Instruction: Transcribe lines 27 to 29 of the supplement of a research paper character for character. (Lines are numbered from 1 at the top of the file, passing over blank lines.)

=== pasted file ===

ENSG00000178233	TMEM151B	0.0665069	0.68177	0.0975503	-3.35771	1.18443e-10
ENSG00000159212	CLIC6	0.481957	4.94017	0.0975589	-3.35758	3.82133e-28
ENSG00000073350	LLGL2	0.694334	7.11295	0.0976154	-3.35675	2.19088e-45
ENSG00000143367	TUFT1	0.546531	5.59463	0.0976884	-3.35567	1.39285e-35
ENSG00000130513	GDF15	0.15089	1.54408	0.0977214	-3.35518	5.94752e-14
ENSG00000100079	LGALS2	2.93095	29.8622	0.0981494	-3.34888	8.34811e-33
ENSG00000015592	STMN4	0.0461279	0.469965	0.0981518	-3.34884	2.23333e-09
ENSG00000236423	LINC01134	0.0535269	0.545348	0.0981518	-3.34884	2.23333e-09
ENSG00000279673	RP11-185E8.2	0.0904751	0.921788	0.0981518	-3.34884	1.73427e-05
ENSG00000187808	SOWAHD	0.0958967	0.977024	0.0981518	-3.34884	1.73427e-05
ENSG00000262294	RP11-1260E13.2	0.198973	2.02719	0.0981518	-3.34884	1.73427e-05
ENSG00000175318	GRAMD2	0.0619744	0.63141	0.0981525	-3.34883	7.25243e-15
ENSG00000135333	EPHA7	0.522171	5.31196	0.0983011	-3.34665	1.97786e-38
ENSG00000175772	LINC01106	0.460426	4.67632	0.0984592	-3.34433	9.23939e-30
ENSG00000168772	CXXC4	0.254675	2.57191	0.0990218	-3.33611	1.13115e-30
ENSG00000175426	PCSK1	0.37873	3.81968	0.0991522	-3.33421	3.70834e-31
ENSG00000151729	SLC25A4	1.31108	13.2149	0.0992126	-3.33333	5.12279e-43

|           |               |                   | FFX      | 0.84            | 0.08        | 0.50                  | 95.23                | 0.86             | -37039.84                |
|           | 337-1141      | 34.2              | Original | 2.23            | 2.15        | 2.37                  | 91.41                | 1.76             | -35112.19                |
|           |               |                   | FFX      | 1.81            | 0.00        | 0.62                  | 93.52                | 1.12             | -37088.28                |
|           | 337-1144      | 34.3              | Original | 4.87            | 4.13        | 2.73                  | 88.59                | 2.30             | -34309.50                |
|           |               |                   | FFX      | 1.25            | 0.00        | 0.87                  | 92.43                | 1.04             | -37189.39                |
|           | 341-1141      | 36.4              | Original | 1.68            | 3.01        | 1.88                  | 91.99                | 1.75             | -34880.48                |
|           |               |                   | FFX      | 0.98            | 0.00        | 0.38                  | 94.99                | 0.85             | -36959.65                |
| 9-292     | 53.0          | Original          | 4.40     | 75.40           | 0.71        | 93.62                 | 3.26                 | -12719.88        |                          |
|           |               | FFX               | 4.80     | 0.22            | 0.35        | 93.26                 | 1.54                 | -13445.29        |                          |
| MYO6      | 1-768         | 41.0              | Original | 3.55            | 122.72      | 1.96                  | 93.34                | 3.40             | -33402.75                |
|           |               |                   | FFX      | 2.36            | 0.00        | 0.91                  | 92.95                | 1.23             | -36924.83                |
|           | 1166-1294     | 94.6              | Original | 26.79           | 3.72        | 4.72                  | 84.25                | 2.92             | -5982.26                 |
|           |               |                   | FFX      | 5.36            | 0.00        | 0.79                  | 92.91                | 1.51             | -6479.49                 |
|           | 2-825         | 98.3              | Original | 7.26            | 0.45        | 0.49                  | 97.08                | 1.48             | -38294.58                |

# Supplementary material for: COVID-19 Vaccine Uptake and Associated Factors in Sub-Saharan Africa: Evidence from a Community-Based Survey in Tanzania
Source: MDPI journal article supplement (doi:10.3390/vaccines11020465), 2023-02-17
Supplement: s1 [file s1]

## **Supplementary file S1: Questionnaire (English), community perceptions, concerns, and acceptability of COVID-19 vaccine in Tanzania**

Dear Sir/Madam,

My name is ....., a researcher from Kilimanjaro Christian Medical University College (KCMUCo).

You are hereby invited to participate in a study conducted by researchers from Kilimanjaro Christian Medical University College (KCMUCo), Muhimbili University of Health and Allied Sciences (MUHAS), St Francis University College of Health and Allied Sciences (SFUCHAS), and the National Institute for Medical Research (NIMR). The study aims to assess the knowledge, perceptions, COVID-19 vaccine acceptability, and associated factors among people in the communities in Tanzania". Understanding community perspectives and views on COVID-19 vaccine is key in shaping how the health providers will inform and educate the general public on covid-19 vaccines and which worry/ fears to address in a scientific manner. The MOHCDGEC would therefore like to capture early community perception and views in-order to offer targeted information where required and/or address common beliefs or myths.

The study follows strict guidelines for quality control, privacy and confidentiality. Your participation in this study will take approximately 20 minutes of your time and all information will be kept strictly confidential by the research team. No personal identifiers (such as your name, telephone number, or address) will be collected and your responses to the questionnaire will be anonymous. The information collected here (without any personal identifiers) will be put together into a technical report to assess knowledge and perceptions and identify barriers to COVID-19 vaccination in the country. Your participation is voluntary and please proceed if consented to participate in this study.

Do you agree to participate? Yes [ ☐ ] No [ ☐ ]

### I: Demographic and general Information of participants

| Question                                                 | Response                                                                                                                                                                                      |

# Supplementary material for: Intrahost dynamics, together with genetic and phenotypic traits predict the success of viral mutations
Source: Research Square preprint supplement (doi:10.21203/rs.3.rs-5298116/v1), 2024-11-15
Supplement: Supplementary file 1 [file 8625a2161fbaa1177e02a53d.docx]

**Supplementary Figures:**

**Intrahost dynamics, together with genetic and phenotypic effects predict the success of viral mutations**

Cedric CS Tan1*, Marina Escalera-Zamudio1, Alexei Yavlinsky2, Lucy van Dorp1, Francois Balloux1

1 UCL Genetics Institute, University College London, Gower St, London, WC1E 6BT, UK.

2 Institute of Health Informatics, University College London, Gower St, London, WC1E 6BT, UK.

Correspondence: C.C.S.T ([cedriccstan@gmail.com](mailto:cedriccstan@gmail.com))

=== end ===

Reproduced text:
| MYO6      | 1-768         | 41.0              | Original | 3.55            | 122.72      | 1.96                  | 93.34                | 3.40             | -33402.75                |
|           |               |                   | FFX      | 2.36            | 0.00        | 0.91                  | 92.95                | 1.23             | -36924.83                |
|           | 1166-1294     | 94.6              | Original | 26.79           | 3.72        | 4.72                  | 84.25                | 2.92             | -5982.26                 |